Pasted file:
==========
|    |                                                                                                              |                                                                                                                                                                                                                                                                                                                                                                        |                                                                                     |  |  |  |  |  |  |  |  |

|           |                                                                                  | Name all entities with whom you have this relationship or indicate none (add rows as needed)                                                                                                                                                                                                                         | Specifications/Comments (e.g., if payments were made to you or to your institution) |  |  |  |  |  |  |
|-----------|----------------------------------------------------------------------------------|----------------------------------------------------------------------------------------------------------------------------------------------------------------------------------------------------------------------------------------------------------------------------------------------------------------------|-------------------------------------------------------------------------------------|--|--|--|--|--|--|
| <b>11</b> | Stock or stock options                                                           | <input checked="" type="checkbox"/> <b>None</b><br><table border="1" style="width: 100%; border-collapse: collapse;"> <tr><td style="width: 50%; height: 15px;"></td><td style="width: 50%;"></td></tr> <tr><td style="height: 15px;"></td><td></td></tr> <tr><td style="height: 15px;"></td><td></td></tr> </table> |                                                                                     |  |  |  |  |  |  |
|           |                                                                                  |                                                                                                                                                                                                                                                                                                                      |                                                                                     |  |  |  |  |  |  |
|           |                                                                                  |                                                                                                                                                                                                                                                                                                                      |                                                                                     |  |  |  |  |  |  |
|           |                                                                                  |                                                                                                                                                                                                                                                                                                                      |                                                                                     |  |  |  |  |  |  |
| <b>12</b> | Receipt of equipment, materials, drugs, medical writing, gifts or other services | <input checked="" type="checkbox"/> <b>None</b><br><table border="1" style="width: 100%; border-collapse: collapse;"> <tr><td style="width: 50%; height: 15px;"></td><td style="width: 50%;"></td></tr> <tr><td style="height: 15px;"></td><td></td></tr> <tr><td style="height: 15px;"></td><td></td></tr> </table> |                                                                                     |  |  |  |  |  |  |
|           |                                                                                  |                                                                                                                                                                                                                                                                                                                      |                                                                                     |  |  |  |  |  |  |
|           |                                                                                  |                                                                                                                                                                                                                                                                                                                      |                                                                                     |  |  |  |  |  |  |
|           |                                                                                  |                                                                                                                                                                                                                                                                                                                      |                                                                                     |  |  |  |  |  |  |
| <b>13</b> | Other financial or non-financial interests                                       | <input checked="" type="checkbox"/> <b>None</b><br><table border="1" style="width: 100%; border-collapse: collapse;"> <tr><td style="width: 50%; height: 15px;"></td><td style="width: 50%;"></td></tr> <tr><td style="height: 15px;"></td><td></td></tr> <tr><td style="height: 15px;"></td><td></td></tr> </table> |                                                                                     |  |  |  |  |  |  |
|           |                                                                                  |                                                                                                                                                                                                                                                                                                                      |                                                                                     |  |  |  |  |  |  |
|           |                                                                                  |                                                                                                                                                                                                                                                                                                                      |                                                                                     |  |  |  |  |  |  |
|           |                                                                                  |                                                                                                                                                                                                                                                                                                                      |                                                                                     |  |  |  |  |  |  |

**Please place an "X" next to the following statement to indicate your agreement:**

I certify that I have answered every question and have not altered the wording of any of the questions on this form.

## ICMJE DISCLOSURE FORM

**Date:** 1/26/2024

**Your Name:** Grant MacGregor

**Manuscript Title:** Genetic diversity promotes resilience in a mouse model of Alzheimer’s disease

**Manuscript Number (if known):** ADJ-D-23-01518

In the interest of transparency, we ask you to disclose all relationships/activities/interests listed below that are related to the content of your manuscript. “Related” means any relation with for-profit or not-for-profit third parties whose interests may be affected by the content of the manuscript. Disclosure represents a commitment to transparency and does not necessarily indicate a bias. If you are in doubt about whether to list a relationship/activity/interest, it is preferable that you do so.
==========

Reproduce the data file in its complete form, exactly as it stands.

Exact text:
|    |                                                                                                              |                                                                                                                                                                                                                                                                                                                                                                        |                                                                                     |  |  |  |  |  |  |  |  |

|           |                                                                                  | Name all entities with whom you have this relationship or indicate none (add rows as needed)                                                                                                                                                                                                                         | Specifications/Comments (e.g., if payments were made to you or to your institution) |  |  |  |  |  |  |
|-----------|----------------------------------------------------------------------------------|----------------------------------------------------------------------------------------------------------------------------------------------------------------------------------------------------------------------------------------------------------------------------------------------------------------------|-------------------------------------------------------------------------------------|--|--|--|--|--|--|
| <b>11</b> | Stock or stock options                                                           | <input checked="" type="checkbox"/> <b>None</b><br><table border="1" style="width: 100%; border-collapse: collapse;"> <tr><td style="width: 50%; height: 15px;"></td><td style="width: 50%;"></td></tr> <tr><td style="height: 15px;"></td><td></td></tr> <tr><td style="height: 15px;"></td><td></td></tr> </table> |                                                                                     |  |  |  |  |  |  |
|           |                                                                                  |                                                                                                                                                                                                                                                                                                                      |                                                                                     |  |  |  |  |  |  |
|           |                                                                                  |                                                                                                                                                                                                                                                                                                                      |                                                                                     |  |  |  |  |  |  |
|           |                                                                                  |                                                                                                                                                                                                                                                                                                                      |                                                                                     |  |  |  |  |  |  |
| <b>12</b> | Receipt of equipment, materials, drugs, medical writing, gifts or other services | <input checked="" type="checkbox"/> <b>None</b><br><table border="1" style="width: 100%; border-collapse: collapse;"> <tr><td style="width: 50%; height: 15px;"></td><td style="width: 50%;"></td></tr> <tr><td style="height: 15px;"></td><td></td></tr> <tr><td style="height: 15px;"></td><td></td></tr> </table> |                                                                                     |  |  |  |  |  |  |
|           |                                                                                  |                                                                                                                                                                                                                                                                                                                      |                                                                                     |  |  |  |  |  |  |
|           |                                                                                  |                                                                                                                                                                                                                                                                                                                      |                                                                                     |  |  |  |  |  |  |
|           |                                                                                  |                                                                                                                                                                                                                                                                                                                      |                                                                                     |  |  |  |  |  |  |
| <b>13</b> | Other financial or non-financial interests                                       | <input checked="" type="checkbox"/> <b>None</b><br><table border="1" style="width: 100%; border-collapse: collapse;"> <tr><td style="width: 50%; height: 15px;"></td><td style="width: 50%;"></td></tr> <tr><td style="height: 15px;"></td><td></td></tr> <tr><td style="height: 15px;"></td><td></td></tr> </table> |                                                                                     |  |  |  |  |  |  |
|           |                                                                                  |                                                                                                                                                                                                                                                                                                                      |                                                                                     |  |  |  |  |  |  |
|           |                                                                                  |                                                                                                                                                                                                                                                                                                                      |                                                                                     |  |  |  |  |  |  |
|           |                                                                                  |                                                                                                                                                                                                                                                                                                                      |                                                                                     |  |  |  |  |  |  |

**Please place an "X" next to the following statement to indicate your agreement:**

I certify that I have answered every question and have not altered the wording of any of the questions on this form.

## ICMJE DISCLOSURE FORM

**Date:** 1/26/2024

**Your Name:** Grant MacGregor

**Manuscript Title:** Genetic diversity promotes resilience in a mouse model of Alzheimer’s disease

**Manuscript Number (if known):** ADJ-D-23-01518

In the interest of transparency, we ask you to disclose all relationships/activities/interests listed below that are related to the content of your manuscript. “Related” means any relation with for-profit or not-for-profit third parties whose interests may be affected by the content of the manuscript. Disclosure represents a commitment to transparency and does not necessarily indicate a bias. If you are in doubt about whether to list a relationship/activity/interest, it is preferable that you do so.